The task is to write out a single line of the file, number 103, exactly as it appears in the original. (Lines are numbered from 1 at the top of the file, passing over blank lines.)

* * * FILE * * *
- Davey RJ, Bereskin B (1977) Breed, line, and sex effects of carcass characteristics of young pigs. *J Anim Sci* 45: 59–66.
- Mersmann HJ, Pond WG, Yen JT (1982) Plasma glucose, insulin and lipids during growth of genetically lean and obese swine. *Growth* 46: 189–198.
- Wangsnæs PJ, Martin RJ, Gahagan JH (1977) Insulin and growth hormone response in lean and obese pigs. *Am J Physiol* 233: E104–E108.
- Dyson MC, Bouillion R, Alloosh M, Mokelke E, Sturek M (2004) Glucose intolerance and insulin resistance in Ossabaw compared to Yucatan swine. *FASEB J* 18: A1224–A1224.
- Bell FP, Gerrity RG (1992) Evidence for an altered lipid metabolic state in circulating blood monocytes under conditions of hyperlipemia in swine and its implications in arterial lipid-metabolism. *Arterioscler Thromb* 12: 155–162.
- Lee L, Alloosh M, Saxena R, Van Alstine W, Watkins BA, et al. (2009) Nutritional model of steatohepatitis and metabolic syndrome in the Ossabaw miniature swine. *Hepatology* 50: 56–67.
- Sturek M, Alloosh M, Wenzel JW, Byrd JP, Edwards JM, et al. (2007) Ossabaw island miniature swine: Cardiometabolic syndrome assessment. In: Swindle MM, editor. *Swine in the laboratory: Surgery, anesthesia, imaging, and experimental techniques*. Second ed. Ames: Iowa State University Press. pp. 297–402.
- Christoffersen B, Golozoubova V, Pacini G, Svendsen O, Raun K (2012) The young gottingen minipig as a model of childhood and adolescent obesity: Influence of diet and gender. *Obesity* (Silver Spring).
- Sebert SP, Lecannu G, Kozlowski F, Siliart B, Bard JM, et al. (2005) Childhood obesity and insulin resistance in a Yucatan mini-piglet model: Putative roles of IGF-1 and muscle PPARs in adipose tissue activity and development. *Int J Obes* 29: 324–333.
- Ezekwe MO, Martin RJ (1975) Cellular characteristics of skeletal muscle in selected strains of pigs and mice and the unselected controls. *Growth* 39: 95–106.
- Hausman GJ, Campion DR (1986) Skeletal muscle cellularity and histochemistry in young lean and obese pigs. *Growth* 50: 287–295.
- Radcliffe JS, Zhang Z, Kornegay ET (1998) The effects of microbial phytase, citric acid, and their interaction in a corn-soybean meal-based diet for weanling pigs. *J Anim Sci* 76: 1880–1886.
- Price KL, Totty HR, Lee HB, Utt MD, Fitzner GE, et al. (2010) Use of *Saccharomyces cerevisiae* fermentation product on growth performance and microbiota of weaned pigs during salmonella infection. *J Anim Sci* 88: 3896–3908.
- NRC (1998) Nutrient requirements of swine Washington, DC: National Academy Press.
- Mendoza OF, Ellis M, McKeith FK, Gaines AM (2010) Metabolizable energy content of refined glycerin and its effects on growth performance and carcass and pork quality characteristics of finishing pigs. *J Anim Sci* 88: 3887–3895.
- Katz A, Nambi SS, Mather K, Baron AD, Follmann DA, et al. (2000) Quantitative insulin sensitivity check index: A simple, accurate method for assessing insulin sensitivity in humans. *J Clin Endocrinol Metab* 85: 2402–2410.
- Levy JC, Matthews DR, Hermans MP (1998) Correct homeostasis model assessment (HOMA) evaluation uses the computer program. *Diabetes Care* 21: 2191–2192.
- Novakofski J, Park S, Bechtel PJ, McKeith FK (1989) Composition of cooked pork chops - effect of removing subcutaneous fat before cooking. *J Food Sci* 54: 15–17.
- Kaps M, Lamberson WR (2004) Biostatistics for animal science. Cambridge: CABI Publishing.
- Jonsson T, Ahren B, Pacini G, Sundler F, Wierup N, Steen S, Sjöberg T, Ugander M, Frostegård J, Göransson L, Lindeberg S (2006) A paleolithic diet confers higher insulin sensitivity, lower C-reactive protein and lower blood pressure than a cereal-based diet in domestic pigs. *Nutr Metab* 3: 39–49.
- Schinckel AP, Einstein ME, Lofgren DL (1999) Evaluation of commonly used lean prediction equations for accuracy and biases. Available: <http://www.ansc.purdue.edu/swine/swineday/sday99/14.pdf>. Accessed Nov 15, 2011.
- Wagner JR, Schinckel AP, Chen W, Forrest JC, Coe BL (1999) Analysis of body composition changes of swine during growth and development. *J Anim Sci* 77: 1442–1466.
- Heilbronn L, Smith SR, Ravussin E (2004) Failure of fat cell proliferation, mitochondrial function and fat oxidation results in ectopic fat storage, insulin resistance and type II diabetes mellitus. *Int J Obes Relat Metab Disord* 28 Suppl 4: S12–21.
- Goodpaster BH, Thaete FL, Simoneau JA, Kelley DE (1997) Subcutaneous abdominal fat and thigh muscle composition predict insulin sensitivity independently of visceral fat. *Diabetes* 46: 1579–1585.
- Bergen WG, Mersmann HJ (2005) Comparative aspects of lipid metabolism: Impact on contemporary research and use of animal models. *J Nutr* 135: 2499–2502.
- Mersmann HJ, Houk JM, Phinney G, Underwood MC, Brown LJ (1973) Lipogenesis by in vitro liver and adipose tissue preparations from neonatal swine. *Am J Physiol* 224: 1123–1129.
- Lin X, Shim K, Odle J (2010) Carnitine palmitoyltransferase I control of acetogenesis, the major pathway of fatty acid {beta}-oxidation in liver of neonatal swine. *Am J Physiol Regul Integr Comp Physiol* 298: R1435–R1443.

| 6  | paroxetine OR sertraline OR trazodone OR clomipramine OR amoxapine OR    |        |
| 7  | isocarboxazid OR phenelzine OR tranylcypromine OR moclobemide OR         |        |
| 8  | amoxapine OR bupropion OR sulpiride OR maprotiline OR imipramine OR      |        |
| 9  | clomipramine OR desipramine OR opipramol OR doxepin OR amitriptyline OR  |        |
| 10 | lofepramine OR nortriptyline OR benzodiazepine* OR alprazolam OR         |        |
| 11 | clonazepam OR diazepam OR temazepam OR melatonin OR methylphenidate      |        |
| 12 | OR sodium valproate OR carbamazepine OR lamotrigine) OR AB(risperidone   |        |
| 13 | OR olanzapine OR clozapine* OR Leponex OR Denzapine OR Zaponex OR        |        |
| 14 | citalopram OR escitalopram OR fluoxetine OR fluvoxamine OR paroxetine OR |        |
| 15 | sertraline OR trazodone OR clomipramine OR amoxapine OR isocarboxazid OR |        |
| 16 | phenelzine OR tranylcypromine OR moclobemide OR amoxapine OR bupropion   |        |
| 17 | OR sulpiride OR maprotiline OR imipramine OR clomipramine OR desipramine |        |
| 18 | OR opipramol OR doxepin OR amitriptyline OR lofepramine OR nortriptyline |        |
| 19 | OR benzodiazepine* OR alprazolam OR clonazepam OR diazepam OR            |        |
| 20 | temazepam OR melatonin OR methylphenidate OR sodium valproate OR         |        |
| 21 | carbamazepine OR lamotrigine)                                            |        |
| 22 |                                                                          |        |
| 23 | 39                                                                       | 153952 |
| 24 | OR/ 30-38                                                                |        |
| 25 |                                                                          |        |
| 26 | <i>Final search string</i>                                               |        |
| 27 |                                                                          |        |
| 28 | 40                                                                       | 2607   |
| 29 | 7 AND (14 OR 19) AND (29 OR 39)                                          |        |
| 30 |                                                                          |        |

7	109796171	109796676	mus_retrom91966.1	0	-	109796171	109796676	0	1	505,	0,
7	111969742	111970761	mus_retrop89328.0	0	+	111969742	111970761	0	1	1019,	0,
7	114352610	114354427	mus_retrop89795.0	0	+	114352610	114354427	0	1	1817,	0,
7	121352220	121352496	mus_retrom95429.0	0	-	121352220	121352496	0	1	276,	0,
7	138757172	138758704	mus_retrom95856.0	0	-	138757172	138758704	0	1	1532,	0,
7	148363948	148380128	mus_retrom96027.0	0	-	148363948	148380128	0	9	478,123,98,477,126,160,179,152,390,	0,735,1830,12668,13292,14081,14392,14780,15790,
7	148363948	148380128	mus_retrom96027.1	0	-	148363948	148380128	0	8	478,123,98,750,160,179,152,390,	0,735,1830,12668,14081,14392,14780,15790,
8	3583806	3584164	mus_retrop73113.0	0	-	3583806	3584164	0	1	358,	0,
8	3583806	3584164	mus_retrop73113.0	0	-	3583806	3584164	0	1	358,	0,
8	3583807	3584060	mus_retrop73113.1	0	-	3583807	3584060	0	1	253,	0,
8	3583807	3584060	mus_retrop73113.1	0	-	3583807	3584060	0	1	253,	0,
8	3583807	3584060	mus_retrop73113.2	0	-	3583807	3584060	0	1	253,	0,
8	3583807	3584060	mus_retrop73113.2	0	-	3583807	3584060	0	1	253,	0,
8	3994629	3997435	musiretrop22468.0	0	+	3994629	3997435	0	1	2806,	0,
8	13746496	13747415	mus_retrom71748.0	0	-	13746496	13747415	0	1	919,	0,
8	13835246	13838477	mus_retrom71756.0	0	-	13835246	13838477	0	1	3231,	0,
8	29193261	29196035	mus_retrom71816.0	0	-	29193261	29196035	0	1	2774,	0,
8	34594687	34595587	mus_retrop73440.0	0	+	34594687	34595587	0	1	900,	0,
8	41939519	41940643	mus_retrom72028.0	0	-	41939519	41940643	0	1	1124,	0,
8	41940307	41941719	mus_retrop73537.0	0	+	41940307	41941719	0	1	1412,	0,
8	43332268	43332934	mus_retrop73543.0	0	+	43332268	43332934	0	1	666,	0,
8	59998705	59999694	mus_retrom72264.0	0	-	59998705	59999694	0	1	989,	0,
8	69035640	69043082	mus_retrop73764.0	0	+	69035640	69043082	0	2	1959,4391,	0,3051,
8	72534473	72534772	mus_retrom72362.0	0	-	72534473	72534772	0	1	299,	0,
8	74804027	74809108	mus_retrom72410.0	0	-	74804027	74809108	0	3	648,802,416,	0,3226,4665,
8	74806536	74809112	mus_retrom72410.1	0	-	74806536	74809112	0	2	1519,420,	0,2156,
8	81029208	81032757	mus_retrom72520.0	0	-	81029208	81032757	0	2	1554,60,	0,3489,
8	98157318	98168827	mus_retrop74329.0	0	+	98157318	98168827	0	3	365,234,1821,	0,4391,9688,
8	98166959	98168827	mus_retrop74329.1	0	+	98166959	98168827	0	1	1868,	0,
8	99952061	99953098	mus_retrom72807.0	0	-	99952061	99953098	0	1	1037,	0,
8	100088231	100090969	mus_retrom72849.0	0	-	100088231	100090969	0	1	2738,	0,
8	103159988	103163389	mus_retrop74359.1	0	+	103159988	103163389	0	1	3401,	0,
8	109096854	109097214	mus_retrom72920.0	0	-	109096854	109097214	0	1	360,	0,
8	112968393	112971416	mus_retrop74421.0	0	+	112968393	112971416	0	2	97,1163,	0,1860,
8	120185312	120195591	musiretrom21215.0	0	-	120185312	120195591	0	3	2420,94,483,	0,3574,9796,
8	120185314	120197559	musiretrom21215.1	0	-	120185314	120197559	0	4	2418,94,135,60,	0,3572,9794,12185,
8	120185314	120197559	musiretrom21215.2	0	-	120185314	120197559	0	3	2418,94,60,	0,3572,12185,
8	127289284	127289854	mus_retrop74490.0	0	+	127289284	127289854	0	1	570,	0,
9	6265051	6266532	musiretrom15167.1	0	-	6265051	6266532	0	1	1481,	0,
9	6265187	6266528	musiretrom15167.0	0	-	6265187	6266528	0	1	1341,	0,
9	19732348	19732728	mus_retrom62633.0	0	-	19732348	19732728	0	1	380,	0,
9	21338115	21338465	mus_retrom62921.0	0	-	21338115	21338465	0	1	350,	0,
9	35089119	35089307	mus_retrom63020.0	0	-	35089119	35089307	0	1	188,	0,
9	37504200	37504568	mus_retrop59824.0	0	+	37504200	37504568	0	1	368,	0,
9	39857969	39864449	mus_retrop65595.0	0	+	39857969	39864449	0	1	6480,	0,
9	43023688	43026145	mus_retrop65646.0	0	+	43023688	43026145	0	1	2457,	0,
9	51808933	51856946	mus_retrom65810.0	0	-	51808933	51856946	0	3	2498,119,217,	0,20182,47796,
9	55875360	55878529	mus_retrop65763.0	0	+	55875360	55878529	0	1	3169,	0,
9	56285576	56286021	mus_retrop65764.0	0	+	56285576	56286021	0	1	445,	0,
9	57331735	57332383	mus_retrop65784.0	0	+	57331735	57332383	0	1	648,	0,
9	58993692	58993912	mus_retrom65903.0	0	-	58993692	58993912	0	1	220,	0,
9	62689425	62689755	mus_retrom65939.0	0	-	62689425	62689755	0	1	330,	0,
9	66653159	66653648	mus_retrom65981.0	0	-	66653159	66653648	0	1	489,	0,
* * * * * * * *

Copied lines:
9	58993692	58993912	mus_retrom65903.0	0	-	58993692	58993912	0	1	220,	0,